First off, I must say that I’ve had not much print failure problems. In spite of widely posted amount of failure by Form 1 users, I have more than 90% success rate with my prints. When prints fail, it’s usually because I mess with some ‘risky’ settings. Risky as in skimping on supports so that I use less resin or orientating objects that does not play well with peeling.
That said, when I do have failed prints, I notice that it’s commonly because parts completely failed to adhere to the platform. That is much less common. The most common failure that I experience that I feel is out of my control are support failures.
This is my latest print (clear piece). As you can see the base printed very nicely (a huge chunk of resin!!) but when it comes to supports, they just failed. Notice that it failed more towards the non-hinge side, which we already know is a big problem with Form 1. Also note that I selected supports with the largest touch-point size.
If you take a look at the 5 round gray pieces, you will notice that support structures varied thru out the print. This came out of 1 batch print (form file attached). They are duplicates that Preform oriented randomly. Again I printed this with the largest touch-point size. I find that even the largest touch point size are ridiculous small in actual prints and they often fail when peeling occurs.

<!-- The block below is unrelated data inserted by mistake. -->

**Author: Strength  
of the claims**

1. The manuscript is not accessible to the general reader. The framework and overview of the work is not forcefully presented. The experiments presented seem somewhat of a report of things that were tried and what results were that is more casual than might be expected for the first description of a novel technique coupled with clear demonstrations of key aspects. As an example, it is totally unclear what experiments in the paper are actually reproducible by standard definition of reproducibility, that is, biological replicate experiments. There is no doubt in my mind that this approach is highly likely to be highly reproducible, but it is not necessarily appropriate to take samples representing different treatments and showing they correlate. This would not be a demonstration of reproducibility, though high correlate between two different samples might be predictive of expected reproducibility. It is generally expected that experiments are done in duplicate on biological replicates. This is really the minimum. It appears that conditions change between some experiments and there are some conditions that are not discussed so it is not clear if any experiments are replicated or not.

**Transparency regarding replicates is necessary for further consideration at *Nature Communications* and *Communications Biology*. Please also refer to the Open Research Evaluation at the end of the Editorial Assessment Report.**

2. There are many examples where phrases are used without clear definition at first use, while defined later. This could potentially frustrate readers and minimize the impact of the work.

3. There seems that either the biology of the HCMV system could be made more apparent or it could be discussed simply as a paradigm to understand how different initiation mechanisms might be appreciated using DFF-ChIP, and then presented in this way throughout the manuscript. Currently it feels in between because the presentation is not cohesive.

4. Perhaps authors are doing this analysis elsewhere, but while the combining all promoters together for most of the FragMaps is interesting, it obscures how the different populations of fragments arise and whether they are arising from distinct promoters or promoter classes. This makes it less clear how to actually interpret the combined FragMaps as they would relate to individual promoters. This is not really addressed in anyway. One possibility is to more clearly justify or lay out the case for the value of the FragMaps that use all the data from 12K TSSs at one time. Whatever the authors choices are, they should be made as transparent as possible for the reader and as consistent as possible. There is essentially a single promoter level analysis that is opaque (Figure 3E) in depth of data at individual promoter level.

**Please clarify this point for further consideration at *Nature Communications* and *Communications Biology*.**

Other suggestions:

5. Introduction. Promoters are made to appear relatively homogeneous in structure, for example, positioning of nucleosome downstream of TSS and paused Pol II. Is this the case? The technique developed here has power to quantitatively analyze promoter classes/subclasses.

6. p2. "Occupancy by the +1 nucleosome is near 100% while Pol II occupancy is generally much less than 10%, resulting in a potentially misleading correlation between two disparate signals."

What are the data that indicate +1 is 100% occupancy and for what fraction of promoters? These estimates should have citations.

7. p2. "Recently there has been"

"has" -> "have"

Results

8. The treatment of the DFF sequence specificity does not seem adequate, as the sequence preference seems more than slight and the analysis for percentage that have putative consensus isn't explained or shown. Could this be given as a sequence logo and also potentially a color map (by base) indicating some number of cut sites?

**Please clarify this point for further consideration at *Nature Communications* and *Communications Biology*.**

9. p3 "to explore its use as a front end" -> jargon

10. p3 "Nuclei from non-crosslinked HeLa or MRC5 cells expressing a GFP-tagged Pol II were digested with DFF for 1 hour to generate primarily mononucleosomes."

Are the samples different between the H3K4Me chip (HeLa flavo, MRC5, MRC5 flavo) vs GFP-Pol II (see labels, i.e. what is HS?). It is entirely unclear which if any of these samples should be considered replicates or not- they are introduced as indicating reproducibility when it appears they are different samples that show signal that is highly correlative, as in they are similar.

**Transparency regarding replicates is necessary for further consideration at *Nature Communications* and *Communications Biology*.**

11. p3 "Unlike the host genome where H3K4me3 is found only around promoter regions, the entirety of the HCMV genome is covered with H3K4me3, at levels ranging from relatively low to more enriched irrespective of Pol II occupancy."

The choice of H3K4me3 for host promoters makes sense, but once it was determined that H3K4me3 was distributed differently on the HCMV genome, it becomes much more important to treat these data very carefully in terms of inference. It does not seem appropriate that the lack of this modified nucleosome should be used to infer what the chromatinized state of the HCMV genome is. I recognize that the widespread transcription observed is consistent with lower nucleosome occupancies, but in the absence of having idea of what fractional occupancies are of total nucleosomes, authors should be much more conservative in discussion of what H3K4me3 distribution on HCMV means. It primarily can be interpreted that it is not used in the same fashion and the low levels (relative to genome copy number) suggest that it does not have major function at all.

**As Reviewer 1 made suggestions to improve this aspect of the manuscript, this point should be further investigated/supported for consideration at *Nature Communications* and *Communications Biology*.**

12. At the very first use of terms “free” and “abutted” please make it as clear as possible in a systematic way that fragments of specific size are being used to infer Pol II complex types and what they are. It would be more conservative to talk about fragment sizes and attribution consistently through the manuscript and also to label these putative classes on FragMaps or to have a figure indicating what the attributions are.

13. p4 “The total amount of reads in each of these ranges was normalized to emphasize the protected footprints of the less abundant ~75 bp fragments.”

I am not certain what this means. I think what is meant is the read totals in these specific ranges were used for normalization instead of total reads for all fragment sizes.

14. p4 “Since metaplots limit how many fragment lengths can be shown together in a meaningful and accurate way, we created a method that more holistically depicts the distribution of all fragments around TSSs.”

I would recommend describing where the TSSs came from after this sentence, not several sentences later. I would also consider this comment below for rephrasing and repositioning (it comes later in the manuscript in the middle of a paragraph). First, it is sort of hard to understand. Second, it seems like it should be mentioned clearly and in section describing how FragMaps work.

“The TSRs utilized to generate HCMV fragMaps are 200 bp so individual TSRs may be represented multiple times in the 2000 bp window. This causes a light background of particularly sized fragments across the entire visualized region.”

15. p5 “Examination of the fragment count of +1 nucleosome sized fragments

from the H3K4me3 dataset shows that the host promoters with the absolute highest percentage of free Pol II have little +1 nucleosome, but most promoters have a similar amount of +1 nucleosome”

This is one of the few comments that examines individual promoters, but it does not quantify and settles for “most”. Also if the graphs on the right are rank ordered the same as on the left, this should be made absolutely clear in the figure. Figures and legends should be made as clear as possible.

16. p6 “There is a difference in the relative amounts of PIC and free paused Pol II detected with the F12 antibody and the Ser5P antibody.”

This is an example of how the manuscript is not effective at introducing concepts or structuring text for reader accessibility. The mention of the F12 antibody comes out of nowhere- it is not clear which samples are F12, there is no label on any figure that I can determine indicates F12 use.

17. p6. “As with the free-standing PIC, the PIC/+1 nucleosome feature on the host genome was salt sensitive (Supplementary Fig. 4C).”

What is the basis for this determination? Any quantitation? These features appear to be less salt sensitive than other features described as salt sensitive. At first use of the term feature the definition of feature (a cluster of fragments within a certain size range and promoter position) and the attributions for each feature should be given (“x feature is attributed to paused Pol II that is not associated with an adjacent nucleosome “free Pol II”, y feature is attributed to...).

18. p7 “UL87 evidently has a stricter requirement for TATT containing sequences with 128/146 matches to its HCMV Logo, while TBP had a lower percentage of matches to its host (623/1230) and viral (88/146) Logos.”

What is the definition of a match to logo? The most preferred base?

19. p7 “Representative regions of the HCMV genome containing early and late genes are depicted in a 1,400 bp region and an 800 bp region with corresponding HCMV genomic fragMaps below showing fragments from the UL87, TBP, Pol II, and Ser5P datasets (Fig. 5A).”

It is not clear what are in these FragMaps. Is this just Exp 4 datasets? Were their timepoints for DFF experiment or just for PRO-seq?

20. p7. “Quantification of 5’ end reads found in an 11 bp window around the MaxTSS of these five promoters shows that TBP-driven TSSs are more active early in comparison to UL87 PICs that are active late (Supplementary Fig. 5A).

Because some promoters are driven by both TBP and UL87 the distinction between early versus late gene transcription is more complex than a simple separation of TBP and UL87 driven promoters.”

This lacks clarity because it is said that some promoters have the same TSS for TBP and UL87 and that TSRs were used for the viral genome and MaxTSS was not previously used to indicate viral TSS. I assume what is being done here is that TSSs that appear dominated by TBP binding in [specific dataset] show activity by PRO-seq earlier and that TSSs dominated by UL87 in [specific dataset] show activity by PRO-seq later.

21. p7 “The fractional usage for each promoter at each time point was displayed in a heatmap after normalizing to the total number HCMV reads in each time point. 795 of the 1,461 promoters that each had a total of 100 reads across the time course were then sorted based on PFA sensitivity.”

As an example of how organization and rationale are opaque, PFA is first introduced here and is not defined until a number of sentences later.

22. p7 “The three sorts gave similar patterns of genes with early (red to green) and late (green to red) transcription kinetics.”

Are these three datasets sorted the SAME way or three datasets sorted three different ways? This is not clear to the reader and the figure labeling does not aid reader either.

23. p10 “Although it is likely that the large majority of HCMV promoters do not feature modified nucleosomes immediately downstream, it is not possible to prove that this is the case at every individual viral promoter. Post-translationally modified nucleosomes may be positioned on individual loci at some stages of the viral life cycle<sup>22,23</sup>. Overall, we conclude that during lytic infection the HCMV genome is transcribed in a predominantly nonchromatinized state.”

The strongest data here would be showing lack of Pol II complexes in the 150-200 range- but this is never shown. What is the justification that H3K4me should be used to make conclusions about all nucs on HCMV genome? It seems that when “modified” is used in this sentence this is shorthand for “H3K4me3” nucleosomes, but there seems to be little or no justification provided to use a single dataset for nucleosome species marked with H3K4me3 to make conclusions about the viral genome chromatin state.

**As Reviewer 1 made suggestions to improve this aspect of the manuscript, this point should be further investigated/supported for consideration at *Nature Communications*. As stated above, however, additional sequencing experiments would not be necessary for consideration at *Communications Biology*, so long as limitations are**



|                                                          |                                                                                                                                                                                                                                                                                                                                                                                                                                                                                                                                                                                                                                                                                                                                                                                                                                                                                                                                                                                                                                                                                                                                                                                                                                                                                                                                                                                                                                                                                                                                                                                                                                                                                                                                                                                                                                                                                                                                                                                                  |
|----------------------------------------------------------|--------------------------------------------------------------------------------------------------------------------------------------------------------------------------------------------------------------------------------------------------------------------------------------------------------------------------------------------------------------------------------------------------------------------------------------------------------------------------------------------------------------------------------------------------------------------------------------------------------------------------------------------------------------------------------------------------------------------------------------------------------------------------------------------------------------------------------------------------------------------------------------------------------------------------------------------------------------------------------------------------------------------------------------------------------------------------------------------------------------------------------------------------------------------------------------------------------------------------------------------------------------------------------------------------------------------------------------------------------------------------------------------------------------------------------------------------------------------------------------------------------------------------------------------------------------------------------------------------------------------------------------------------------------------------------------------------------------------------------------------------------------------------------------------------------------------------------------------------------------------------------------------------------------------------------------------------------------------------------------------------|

My question to Formlabs, does supports print with lesser definition/fidelity than the actual objects? I know that the software can tell them apart. But are they handled differently during printing? Much like how FDM printers print the supports. They usually have lower density. If so, you need to stop doing so.
I’ve not raised a support ticket for this. BTW, all these came out of the latest 1.4.
If your supports are coming out fine but the part is not printing, then it may be a laser issue with your machine.
What? I specifically mentioned that the supports are not OK.
In some cases, it caused print failures. In some cases, the part itself still manage to merge because of the remaining structures.
I don’t think it’s a laser issue by any measure.
“My question to Formlabs, does supports print with lesser definition/fidelity than the actual objects? I know that the software can tell them apart. But are they handled differently during printing? Much like how FDM printers print the supports. They usually have lower density. If so, you need to stop doing so.”
From my experience, no they do not do this. The supports need to be stronger or at least as strong as the raft and model or the part will not print correctly.
Unfortunately, I consider myself an expert in laser failures.
I am sure Formlabs is working with you to determine the cause of your issues.